Why are television show aired at different local times?
November 18, 2004 12:43 PM   Subscribe

Why don't television programs air at a consistent local time across the United States?

Anytime I see a commercial for this season's new wacky sitcom, it is advertised for airing at, for example, “9/8 Central.” As far as I know, this show will also broadcast at 9 pm Pacific and (oddly) 8 pm Mountain. Why is a prime-time lineup not constant wherein “According to Jim” could be seen at the same local time in Philadelphia, Chicago, Denver, and Seattle?

I realize there may be some discrepancies within markets encompassing multiple time zones, although I would believe that alone is not reason enough for the current setup.
posted by brad! to Media & Arts (16 answers total)
 
A holdover from the earlies days of radio, when there was no good way to record and then rebroadcast a program. For a while it was even against regulations to rebroadcast. But by the mid-1930s, the networks were recording programs for West Coast broadcast (and very shortly after that discovered the notion of the "rerun"), so you'd think it would have gone away a long time ago...but some habits die hard.

As far as the Eastern/Central thing goes, again a lot of East Coast radio stations were picked up in the near-midwest, and it was easier just to live with one live broadcast for the two time zones.
posted by briank at 12:50 PM on November 18, 2004


Primetime on the east coast starts at 8pm, which is 5pm on the west coast. You're not going to get as many viewers at 5pm -- people are still at work, preparing dinner, running errands, whatever. One hour of difference is obvioulsy do-able, given that prime time starts at 7pm in Central and Mountain, but any earlier and you lose viewers.

Though sports games are broadcast live everywhere at the same time. Monday Night Football starts here (west coast) around 6pm, which seems very very odd to newcomer me. The World Series games were all on at 5:30pm, too.
posted by occhiblu at 12:52 PM on November 18, 2004


Primetime on the east coast starts at 8pm, which is 5pm on the west coast. You're not going to get as many viewers at 5pm -- people are still at work, preparing dinner, running errands, whatever.

I think brad! is saying that the program should start at 8pm local time at all locations. If you are on the east coast it's 8pm your time, if you are on the west coast, it's 8pm your time again...

It seems like they were too lazy to make alterations for 4 different time zones, so they just split it into 2. One for East/Central and another for Mountain/Pacific. Although briank's explanation from the Radio's make sense from a historical standpoint, I don't see what is keeping the TV stations from just switching over to a more consistent schedule.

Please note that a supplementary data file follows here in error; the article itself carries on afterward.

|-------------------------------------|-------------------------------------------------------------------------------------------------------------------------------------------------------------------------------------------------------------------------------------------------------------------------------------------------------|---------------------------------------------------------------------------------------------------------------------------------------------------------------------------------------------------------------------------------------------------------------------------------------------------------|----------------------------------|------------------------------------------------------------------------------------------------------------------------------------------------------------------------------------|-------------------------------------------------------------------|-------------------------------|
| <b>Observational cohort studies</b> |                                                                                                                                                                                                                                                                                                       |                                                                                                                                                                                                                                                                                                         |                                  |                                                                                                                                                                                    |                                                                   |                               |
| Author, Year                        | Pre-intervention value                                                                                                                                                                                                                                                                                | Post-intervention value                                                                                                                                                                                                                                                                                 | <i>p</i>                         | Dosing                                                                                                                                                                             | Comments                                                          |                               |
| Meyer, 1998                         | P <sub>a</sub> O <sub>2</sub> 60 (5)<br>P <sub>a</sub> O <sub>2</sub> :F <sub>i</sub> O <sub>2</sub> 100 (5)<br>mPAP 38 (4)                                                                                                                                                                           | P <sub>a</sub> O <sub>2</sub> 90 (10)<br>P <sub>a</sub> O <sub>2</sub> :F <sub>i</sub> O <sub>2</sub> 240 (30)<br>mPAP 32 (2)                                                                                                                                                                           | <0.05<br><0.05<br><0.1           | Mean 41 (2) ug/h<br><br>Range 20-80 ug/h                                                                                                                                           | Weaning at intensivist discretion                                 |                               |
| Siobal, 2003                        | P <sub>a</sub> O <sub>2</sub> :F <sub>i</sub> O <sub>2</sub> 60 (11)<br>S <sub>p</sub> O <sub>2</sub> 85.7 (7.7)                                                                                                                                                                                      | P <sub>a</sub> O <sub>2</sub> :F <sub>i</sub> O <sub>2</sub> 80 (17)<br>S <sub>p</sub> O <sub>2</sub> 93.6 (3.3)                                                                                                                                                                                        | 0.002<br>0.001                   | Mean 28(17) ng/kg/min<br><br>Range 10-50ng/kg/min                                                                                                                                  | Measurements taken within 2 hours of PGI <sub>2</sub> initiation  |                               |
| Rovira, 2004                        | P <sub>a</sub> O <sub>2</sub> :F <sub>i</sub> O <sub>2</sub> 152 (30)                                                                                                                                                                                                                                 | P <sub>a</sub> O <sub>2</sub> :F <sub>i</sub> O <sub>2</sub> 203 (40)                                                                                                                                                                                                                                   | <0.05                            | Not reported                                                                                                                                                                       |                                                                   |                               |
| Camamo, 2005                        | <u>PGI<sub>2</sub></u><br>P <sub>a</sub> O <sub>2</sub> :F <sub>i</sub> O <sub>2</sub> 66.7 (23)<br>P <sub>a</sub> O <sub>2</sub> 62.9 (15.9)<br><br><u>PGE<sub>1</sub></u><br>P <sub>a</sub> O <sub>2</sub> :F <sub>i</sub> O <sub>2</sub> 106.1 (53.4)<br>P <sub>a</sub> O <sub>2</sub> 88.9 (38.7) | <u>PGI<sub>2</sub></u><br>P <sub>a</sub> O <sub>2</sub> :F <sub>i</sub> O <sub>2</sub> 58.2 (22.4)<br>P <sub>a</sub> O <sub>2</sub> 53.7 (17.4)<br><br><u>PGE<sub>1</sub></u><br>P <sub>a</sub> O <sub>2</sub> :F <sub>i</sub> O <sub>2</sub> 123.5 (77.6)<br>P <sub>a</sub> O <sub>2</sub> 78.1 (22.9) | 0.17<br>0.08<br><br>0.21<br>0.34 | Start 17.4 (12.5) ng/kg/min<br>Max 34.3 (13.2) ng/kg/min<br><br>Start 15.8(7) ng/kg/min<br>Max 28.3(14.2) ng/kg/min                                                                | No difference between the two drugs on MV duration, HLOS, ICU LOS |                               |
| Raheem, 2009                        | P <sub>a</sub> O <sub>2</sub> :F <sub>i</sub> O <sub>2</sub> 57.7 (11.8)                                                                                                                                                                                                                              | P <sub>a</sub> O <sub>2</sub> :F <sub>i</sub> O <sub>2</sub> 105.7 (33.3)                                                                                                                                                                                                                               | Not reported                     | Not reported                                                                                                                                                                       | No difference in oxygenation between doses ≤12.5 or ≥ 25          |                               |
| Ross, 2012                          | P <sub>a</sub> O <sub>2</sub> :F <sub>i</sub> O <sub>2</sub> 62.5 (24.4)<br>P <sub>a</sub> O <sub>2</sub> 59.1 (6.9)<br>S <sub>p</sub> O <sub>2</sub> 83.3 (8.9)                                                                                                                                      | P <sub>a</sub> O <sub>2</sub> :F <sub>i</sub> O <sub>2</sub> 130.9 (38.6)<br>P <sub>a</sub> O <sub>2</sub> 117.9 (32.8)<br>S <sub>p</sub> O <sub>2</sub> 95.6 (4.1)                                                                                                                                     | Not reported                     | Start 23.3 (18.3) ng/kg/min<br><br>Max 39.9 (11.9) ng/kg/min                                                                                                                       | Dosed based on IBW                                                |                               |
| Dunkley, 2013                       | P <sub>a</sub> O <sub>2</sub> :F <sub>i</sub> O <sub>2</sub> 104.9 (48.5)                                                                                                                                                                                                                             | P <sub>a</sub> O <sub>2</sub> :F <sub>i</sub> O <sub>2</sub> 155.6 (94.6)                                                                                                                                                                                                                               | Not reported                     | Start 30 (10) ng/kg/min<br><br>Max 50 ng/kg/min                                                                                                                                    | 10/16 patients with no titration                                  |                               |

Of course, live broadcasts and games are always going to be a problem...
posted by tuxster at 1:17 PM on November 18, 2004


More feeds cost more dollars. So, while splitting between east and west may make economic sense, getting more granular apparently doesn't.
posted by sad_otter at 1:27 PM on November 18, 2004


Central and Mountain time zones are perfect for TV. 11:00PM just seems too late for the news, and 12:30 for Conan just seems ridiculous. Do people on the coasts start work an hour later, too?
posted by zsazsa at 1:32 PM on November 18, 2004


Another olden-days issue for live programs is that recording a program from 8-9 PM and then playing it back at 9 PM is tricky with physical media.
posted by smackfu at 1:36 PM on November 18, 2004


What briank and tuxster said. This goes back to the radio networks' days of doing two broadcasts, one at (say) 8 p.m. EST, which would be picked up by stations in the Eastern time zone at 8 p.m. their time and stations in the Central time zone at 7 p.m. their time, and another broadcast of the same show at (say) 11 p.m. EST, which would be picked up by stations in the Pacific time zone at 8 p.m. their time. The stations in the Mountain time zone, which was far less populated in the 1920s and 1930s than it is today, had their pick of whether they wanted the show at 6 p.m. or 9 p.m. their time.

People get used to stuff. See, to me, the news "should" be on at 11:00, but I used to live with a guy from Chicago who believed that the news "should" be on at 10. My guess is that the "two time zone" for US network broadcasts has never changed because people grew up in the Central time zone believing that "prime time starts at 7" and in the Eastern time zone believing that "prime time starts at 8" and they were never inspired to change it.

And on the East Coast, people generally try to get to work at 9. My perception is that in the Central time zone, most people think of the workday as starting at 8:30.

How does this work with the CBC, I wonder?
posted by Sidhedevil at 1:41 PM on November 18, 2004